New multiple disciplinary exhibit in downtown Montreal examines our vision of nature

‘Situated Gazes’ is on at the Skol art centre until Feb. 19

‘Situaded Gazes’ features the work of five artists. Photo Charlie-Yoko McDonald

Standing in a spacious white room, the only sounds that can be heard are bird calls and sounds from nature, playing from a short film by artist Pamela Breda that’s projected on the wall.

This work, along with all the others in the exhibit, has been curated by Skol’s artistic director Stéphanie Chabot, under the name Situated Gazes. The multidisciplinary exhibit features textiles, paintings, films, photography, and sculptures created by five different artists which all work together to encompass a theme of how we view nature. 

Chabot said the name for the exhibit came from author Donna Haraway’s theory of situated knowledge. “It’s this question of how we see the world and where is truth really situated, and how can we change our way of seeing the world without really abandoning the ideal of truth either,” she explained. 

Skol’s website states the artists featured in the exhibit “circumvent or deconstruct the usual frameworks of our perception of the Earth and the Living.” One of the largest pieces in the show is by Francys Chenier. It’s a series of coloured circles that show different colours and phases of the sky. Chenier’s website says the piece took place in 2 stages, the first being a state of reflection and observation of the sky, the second was writing down the time and thoughts that he had while watching the sky. Demonstrated through all of the works in the exhibition, Chabot thinks art will play an important role as an exploratory tool to find new ways to see the world and situate ourselves in it, which she said is urgent.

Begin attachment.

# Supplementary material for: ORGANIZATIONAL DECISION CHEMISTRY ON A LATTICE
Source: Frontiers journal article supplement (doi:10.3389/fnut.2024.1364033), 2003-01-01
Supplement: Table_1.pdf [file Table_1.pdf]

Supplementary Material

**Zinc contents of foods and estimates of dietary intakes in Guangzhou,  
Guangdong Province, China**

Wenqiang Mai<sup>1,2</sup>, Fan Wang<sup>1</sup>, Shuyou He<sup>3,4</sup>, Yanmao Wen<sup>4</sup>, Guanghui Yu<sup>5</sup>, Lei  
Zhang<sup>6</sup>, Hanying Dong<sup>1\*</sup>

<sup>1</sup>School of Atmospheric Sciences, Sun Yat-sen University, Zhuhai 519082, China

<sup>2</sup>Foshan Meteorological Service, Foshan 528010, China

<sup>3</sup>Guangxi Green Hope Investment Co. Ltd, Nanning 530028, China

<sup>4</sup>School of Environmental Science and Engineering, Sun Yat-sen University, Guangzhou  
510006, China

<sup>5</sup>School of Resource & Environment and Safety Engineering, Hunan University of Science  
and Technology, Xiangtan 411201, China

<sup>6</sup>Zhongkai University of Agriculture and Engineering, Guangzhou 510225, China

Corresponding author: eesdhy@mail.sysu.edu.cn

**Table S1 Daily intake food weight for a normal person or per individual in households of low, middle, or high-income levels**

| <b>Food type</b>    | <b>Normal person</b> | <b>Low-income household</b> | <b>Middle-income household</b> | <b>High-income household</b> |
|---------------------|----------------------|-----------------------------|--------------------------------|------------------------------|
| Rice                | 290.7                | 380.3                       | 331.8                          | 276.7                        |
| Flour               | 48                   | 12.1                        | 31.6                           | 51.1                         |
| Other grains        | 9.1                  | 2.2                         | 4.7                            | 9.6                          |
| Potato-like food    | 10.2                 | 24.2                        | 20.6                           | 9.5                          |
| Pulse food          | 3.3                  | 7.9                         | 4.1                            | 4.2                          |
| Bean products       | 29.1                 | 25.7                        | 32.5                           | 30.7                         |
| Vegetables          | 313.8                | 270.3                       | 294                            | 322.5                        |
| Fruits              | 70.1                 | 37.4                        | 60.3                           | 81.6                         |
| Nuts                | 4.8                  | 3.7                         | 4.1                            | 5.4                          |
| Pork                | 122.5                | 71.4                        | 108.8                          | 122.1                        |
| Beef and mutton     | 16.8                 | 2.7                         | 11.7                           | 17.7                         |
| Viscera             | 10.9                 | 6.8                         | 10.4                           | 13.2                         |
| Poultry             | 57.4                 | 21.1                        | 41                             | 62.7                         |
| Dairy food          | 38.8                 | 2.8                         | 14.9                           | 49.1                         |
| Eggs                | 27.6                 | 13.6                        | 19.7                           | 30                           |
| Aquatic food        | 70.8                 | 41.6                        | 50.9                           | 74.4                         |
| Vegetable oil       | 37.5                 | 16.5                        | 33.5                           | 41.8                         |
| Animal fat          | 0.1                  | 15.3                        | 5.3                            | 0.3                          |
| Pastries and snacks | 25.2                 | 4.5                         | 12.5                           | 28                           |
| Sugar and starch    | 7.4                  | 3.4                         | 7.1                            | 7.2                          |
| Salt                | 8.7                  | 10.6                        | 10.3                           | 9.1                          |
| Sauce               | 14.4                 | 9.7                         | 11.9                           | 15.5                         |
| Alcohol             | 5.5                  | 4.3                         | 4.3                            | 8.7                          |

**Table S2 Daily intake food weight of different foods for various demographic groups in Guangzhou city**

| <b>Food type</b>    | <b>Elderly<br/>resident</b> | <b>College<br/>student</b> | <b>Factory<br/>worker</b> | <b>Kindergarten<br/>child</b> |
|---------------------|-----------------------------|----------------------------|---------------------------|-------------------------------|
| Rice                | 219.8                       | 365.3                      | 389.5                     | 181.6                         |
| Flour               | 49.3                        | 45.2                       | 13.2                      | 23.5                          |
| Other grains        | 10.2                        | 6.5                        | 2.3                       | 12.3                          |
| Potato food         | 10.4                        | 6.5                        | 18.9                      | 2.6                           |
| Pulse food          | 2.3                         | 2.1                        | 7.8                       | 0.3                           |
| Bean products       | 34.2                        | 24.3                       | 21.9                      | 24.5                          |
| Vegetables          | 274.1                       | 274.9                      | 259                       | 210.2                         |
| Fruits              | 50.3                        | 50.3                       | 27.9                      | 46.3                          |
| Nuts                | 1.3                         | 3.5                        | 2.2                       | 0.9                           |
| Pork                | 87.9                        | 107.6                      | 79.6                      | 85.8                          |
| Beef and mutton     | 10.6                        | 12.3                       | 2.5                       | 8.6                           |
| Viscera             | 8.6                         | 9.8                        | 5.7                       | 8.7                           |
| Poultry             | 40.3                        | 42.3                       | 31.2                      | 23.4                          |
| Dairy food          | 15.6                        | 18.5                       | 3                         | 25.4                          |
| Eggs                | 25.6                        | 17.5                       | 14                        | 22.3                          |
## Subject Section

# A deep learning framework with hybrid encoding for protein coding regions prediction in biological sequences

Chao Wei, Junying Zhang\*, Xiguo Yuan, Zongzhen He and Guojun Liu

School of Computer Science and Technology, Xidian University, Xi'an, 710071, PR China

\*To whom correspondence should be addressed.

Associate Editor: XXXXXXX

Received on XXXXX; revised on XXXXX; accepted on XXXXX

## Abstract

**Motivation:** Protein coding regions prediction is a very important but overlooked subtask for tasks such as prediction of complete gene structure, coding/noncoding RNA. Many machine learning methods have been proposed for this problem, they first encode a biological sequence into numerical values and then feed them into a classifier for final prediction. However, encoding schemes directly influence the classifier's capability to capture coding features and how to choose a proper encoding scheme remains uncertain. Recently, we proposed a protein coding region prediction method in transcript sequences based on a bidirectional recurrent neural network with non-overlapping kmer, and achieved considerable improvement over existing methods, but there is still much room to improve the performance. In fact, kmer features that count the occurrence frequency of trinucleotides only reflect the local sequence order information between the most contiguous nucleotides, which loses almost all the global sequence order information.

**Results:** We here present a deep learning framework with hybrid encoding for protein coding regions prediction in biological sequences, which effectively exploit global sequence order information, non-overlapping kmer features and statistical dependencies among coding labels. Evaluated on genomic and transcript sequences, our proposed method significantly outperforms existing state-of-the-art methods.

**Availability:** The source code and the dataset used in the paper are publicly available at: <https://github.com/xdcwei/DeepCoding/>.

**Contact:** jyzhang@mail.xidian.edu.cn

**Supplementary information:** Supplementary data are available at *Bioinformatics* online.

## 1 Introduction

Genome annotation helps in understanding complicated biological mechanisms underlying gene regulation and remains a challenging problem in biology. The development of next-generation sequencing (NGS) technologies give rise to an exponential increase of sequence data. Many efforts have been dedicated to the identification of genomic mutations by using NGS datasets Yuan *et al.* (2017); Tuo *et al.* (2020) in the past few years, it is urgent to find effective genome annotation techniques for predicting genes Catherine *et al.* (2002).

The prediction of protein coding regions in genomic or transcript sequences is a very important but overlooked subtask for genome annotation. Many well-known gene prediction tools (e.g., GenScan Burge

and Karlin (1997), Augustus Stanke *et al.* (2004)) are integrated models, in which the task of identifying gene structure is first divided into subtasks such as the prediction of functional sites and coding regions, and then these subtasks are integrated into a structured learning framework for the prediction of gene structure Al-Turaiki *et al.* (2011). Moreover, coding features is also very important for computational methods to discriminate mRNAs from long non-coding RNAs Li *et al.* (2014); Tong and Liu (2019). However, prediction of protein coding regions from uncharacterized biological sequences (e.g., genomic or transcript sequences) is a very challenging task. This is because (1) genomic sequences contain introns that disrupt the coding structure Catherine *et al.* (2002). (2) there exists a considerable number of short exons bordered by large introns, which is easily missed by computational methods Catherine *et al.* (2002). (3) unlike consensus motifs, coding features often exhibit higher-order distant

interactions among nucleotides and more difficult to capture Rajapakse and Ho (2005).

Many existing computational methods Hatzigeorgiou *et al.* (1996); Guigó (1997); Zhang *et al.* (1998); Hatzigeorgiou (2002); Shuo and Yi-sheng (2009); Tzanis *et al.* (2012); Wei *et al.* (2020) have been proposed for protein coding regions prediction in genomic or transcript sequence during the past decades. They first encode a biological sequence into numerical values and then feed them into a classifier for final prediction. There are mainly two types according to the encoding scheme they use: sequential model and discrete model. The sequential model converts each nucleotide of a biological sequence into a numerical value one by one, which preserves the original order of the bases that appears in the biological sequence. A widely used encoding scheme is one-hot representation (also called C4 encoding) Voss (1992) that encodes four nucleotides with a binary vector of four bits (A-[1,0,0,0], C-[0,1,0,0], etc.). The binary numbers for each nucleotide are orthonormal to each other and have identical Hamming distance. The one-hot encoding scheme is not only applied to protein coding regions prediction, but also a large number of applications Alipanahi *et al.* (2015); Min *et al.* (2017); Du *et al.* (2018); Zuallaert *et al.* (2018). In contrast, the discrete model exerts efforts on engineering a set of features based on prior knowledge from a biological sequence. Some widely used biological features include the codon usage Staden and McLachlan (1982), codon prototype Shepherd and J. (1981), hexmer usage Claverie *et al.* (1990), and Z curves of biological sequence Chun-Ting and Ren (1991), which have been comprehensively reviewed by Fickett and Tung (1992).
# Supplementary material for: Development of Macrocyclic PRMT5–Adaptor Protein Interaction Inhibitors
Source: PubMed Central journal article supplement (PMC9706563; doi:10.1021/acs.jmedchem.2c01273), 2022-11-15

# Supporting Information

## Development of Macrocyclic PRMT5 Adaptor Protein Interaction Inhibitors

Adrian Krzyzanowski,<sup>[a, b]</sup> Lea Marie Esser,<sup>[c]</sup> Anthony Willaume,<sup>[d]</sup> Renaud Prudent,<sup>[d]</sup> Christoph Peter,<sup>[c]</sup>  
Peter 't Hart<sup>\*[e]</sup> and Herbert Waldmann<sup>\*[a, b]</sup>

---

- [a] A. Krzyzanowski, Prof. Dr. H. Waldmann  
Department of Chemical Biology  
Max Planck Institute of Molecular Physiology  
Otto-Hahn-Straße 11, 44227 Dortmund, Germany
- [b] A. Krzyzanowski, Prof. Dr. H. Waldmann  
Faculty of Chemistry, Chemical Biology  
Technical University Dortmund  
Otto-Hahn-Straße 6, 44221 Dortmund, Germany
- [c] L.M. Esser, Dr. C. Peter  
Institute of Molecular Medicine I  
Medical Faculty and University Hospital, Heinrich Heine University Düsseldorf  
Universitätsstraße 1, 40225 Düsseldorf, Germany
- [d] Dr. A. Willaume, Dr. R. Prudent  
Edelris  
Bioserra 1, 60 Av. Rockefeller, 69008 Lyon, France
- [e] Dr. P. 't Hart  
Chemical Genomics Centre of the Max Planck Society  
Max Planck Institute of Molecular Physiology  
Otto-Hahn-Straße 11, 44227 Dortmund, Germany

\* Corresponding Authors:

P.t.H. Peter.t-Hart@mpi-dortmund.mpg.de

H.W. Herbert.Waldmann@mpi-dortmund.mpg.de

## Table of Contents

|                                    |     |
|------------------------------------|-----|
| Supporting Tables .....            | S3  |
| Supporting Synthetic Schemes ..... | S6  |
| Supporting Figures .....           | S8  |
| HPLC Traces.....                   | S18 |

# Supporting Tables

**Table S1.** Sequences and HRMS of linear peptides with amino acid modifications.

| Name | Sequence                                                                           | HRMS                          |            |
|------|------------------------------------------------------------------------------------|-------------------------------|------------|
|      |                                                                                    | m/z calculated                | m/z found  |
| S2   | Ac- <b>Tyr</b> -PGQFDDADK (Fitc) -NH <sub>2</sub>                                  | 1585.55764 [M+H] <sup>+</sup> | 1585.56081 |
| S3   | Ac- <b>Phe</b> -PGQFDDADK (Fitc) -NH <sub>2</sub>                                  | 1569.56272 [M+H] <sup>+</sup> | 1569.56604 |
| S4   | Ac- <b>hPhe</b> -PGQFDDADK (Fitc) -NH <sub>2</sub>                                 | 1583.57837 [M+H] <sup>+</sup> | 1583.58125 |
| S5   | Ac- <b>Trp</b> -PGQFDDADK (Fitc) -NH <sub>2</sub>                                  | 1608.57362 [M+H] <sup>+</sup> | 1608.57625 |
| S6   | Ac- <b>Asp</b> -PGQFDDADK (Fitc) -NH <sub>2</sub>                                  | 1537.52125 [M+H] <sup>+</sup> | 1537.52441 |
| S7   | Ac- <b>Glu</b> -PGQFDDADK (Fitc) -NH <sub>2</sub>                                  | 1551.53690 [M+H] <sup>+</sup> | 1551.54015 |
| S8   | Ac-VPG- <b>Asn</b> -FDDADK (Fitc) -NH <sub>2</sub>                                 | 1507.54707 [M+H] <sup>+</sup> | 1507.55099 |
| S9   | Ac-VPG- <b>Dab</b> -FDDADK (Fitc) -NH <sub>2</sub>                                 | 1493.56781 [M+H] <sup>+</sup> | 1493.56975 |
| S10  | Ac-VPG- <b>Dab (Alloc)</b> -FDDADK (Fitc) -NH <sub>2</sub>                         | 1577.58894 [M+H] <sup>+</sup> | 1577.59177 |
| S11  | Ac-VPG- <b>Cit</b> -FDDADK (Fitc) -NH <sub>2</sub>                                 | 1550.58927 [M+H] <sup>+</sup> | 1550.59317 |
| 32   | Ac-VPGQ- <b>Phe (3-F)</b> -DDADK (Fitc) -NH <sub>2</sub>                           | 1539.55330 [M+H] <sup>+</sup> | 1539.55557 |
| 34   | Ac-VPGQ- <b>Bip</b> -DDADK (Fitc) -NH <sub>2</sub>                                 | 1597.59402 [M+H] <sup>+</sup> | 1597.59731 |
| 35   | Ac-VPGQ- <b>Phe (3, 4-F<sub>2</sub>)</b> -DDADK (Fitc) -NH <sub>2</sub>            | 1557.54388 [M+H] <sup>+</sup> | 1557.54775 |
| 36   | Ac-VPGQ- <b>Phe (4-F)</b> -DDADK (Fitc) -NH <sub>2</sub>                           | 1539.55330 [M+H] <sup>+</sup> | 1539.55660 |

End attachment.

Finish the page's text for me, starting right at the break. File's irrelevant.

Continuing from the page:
The exhibit questions how nature is viewed. Photo Charlie-Yoko McDonald

The exhibit features work by Charlotte Guirestante Ghomeshi, who graduated from Concordia in 2020 with a bachelor’s in photography. Her contribution to the show includes a photographic triptych of the moon, a burning flower, and a cross. She said her project reflects the human desire to conquer. “It’s all things that we’re trying to possess or control in a way,” said Ghomeshi.

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One of Ghomeshi’s pieces titled Camille originally wasn’t supposed to be part of the show. She explained that the blurry photograph is more about innocence, naivety, and trying to understand the world, whereas the triptych is about noticing the darker things in the world. “I didn’t want to put it [at first], but finally I was really happy,” she said. Ghomeshi talked about how working with a curator helps her see her art in a different way. 

Artist Roch-Cuerrir drew inspiration for her glass vase series from a correspondence with another artist. Photo Charlie-Yoko McDonald

“I think it’s a dialogue that can be really nourishing for the artists,” said Chabot when talking about the process of curating a show such as this one. “You have your own interpretation of your work but there are things you don’t necessarily see.”

“I thought it was interesting that even though the link might not be obvious, the curator was able to look into our processes to find that link to [situated gazes],” said Julie Roch-Cuerrir, whose work is also featured in the exhibit.

Roch-Cuerrier graduated with a bachelor’s in visual arts from Concordia, and has a master of arts from the Royal College of Art in London. Her multimedia work for the show includes unique glass vases that hold flowers from her series Corespiration

The inspiration for the series came from a correspondence between Roch-Cuerrier and Josephine Rivard, who is an artist and curator. The discussions included themes of feminism and nature, eventually evolving into concepts of reciprocity and mutualism. “I’ve been trying to integrate [the living] in the exhibition and have the temporality of the living things exist in that space,” said Roch-Cuerrir.  

It’s the only piece in the show that isn’t displayed on a wall, and the flowers are in coloured water, which starts to pigment the pedals creating a reminder of passing time. 

“Pretty much everyone involved kind of found a way to look at things differently,” said Chabot about the curation of the art. “That can lead us to different frameworks to look at the world, more harmonious, [and] less destructive, hopefully.”